A history of Irish divorce

Dr Diane Urquhart is writing the first full length history of Irish divorce. Diane has pioneered the study of women in Irish politics, looking at Anglo-Irish women’s political patronage as well as their first entry to the political arena. She had published two monographs, edited and co-edited five collections and published numerous articles.

Illustration of a husband and wife having an argument.

The project

Funded by the British Academy, this project spans three centuries. Unlike the modern process for divorce, from the late seventeenth century divorce was not granted in court, but in parliament. In England, which included Wales in its jurisdiction, divorce moved to a court-based process as a result of the 1857 Divorce and Matrimonial Causes Act. Ireland’s exclusion from this legislation meant that it alone in the United Kingdom continued with the practice of parliamentary divorce until 1922. With the partition of Ireland, divorce law further diversified.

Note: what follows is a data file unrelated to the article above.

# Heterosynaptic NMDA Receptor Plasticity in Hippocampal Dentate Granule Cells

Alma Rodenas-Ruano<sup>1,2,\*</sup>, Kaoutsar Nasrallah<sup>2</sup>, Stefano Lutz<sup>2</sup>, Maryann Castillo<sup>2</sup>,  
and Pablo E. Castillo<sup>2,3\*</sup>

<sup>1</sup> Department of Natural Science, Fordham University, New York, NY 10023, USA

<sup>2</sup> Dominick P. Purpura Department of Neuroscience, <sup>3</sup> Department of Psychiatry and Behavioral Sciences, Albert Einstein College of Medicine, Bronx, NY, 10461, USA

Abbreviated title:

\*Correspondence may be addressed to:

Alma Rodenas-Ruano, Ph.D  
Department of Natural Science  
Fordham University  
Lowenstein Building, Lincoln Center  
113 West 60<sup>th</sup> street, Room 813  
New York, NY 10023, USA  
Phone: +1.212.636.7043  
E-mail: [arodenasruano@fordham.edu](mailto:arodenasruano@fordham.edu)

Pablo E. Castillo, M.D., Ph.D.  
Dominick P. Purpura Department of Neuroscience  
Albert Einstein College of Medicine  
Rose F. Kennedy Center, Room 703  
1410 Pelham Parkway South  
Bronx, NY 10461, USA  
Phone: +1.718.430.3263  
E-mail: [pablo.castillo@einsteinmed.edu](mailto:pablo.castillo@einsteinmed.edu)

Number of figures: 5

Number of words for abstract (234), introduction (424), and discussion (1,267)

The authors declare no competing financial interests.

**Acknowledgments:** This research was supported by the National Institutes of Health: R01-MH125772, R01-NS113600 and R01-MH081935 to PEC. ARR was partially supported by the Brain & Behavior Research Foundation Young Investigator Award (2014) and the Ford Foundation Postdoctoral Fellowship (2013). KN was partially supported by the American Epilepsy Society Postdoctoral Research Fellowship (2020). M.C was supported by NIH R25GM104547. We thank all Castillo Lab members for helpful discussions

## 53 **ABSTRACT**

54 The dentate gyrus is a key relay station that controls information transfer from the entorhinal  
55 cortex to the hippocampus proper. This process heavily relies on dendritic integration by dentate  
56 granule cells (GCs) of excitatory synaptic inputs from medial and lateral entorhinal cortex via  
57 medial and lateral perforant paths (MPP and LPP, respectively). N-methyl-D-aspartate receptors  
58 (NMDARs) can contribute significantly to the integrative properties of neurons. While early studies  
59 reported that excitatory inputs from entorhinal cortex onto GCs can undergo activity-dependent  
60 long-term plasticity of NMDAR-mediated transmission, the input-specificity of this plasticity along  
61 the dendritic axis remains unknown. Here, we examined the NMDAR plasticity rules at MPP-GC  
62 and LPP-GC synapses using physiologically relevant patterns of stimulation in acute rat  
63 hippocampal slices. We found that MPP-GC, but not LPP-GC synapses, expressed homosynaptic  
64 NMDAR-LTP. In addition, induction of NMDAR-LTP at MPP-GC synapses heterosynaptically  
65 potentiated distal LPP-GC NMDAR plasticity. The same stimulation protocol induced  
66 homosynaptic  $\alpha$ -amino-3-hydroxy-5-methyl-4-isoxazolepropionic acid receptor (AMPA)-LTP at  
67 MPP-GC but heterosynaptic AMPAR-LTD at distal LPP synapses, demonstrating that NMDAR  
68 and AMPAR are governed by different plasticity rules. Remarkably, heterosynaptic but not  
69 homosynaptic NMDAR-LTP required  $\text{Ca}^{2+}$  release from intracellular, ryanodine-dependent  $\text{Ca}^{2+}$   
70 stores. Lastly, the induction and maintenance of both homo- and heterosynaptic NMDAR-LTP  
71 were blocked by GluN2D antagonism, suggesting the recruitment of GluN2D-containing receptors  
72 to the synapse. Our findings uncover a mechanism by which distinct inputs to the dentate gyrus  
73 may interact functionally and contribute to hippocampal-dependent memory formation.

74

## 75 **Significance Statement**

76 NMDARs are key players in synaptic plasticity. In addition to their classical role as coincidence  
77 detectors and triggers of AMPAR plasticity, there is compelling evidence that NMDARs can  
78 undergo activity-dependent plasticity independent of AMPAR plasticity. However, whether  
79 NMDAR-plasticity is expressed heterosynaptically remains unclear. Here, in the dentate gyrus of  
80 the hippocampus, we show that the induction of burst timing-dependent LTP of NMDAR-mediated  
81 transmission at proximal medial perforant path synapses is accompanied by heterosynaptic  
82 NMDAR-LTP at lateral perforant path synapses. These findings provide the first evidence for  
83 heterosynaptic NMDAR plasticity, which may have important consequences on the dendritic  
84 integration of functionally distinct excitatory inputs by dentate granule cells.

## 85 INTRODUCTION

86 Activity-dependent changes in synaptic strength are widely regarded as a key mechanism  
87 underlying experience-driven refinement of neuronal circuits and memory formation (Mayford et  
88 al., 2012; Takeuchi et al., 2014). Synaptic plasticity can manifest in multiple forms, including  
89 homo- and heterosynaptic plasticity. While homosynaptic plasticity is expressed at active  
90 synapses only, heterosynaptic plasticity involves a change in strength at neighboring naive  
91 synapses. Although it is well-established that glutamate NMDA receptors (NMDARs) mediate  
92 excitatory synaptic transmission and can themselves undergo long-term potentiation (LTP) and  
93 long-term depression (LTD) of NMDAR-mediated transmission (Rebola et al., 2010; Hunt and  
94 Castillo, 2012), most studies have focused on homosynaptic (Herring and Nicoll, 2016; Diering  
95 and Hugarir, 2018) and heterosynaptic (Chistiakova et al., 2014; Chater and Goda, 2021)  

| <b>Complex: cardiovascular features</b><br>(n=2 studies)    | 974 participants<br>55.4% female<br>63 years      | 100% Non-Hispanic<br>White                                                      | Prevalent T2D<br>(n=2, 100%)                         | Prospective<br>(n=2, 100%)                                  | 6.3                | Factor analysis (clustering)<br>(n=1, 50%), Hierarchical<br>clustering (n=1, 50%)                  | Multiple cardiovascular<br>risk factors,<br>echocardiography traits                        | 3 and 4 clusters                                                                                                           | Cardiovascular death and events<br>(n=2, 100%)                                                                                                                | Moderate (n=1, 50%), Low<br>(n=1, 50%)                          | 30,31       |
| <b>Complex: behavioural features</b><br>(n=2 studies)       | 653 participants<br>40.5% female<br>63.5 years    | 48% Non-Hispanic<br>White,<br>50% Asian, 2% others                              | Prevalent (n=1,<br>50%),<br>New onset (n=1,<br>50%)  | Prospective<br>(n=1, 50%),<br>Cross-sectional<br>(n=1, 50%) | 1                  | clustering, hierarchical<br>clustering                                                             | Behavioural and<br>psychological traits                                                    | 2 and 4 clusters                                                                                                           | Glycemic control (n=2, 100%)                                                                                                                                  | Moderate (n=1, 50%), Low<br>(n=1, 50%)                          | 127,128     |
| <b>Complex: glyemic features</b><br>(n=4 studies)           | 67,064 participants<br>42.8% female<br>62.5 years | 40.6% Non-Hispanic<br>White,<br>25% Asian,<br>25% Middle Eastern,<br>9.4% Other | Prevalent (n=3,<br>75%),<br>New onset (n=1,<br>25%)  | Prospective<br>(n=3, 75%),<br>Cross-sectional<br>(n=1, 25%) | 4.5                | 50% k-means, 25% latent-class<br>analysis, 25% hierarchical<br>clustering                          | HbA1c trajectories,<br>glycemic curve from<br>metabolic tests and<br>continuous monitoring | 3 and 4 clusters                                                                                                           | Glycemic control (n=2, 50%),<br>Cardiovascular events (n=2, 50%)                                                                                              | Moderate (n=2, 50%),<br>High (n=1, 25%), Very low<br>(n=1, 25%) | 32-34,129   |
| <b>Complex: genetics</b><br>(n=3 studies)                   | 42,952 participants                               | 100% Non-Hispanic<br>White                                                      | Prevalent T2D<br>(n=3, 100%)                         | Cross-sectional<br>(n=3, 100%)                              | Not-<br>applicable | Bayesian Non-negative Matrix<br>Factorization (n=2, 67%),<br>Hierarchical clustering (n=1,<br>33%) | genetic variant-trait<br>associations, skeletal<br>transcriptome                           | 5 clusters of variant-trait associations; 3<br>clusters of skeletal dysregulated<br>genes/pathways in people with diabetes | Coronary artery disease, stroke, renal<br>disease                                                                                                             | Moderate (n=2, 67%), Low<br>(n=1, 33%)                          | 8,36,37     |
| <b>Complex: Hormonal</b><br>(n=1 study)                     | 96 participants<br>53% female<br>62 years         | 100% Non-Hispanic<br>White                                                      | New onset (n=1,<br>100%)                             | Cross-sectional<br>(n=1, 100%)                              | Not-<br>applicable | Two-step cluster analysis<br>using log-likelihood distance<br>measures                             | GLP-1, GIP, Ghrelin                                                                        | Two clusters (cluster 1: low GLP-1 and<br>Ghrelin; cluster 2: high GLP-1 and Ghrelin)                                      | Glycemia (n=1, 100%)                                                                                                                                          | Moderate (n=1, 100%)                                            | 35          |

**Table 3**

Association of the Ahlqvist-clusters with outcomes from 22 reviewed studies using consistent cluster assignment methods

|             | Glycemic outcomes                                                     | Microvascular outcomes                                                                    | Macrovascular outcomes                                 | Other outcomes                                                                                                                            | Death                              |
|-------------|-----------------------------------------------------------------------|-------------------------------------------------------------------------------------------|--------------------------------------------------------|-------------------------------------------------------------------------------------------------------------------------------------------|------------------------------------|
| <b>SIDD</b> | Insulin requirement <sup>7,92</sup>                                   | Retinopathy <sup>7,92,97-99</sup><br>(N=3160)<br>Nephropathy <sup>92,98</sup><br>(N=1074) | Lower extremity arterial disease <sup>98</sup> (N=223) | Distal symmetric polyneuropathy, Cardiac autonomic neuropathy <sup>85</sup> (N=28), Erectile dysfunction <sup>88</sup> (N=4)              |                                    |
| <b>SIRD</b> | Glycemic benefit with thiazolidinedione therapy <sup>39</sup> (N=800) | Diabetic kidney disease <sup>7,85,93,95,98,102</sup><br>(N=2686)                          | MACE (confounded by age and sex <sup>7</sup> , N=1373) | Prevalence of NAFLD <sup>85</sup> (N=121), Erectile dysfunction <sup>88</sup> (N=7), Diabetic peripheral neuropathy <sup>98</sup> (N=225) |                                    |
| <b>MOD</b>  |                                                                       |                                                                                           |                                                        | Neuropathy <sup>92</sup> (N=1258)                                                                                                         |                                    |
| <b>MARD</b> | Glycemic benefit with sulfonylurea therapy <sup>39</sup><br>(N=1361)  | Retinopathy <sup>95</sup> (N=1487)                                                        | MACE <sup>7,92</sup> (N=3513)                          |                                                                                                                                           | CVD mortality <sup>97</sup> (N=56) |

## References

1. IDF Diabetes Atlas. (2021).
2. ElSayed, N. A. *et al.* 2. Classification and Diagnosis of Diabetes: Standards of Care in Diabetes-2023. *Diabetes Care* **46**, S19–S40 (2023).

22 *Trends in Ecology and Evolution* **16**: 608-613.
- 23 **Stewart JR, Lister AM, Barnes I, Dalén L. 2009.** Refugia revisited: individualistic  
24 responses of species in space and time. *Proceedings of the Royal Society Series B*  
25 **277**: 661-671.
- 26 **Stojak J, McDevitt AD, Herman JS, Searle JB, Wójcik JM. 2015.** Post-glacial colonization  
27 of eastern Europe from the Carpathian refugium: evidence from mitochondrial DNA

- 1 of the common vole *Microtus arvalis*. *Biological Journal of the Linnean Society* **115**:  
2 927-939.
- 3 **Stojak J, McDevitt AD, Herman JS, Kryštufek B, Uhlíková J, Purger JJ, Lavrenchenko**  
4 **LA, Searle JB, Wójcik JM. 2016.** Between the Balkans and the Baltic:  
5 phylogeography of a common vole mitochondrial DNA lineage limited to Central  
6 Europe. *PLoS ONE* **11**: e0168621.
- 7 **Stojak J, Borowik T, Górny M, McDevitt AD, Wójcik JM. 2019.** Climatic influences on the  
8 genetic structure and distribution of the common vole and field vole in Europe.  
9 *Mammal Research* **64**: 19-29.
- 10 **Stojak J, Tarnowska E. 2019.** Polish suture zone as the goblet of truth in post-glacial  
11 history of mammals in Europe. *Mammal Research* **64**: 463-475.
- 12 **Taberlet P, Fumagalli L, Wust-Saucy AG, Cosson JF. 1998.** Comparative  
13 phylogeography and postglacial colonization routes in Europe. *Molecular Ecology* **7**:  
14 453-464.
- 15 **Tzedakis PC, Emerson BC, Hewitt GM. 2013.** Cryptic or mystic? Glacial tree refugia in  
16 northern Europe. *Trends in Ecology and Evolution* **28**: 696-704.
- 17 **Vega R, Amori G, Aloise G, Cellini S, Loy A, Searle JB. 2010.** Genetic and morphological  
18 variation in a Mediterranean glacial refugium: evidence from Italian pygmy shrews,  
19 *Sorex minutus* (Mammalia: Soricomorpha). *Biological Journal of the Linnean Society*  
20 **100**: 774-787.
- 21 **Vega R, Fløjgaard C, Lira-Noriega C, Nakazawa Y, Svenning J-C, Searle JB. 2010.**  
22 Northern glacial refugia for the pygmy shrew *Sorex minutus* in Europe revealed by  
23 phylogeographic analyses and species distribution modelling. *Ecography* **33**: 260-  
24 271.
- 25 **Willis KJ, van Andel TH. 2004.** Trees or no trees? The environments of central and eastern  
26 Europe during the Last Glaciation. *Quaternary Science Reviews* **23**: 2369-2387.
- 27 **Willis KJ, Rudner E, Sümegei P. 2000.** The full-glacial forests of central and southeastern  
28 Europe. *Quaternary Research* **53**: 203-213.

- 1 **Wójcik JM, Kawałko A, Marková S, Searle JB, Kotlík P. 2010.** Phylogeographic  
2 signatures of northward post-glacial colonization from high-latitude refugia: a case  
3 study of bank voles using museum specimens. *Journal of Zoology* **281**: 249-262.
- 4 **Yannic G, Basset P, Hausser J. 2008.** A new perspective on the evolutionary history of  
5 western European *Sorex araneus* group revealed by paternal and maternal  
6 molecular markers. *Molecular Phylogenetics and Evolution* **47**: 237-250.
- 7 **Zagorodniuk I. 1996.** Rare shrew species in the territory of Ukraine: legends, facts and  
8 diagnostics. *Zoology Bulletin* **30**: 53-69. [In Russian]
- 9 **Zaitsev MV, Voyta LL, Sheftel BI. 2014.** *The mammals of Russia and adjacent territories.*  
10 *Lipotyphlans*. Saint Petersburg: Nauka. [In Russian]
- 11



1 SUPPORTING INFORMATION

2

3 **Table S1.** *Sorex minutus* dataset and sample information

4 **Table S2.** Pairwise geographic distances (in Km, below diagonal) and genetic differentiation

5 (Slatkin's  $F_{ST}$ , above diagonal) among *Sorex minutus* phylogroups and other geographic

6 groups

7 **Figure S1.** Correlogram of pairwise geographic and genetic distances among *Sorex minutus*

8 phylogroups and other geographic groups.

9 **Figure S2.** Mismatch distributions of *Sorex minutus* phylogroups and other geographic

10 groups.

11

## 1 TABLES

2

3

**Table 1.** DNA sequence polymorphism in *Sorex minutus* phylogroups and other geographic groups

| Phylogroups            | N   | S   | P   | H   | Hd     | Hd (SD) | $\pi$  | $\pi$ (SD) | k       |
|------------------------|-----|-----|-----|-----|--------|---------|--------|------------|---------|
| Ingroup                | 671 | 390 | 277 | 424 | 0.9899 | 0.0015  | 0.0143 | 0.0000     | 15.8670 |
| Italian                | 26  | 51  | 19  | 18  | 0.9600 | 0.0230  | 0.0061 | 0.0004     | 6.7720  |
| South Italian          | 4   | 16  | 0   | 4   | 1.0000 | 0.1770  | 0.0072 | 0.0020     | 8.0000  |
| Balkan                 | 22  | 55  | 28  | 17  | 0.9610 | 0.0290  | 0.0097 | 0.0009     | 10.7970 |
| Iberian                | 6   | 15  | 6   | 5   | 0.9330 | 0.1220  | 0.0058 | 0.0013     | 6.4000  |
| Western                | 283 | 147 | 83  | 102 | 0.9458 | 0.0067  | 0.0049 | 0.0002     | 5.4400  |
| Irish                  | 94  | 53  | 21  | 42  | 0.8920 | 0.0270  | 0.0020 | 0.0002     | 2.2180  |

Northern Ireland adopted the parliamentary system of divorce before moving to a court-based process in 1939. By comparison, there was no mechanism to divorce in independent Ireland, a position reinforced by the 1937 constitutional ban. Divorce was only legalised in the Republic of Ireland in 1996 with the first divorce in this jurisdiction granted in the following year.

The research for this socio-political and legal history has been conducted in archives in Ireland, England and Rome. It is a history which seeks not only to uncover the Irish legal frame for divorce but also assess the impact of so many Irish citizens being unable to divorce either due to cost, moral considerations or a lack of provision. It also profiles the minority who divorced and explores the campaigns which led to divorce law reform. 

Outputs to date

 ‘Irish divorce and domestic violence’, Women’s History Review, vol. 22, no. 5 (Oct. 2012), pp 820-37.

‘Ireland and the Divorce and Matrimonial Causes Act, 1857’, Journal of Family History, vol. 38, no. 3 (2013), pp 301-20.

‘Ireland’s criminal conversations’, Études Irlandaises (2012), pp 65-80.

‘A woman’s reply’: Ireland female divorce law reformers’ in Brendan Walsh (ed.), Knowing their place?: The intellectual and professional life of women in 19th-century Ireland (History Press, Dublin, 2014).


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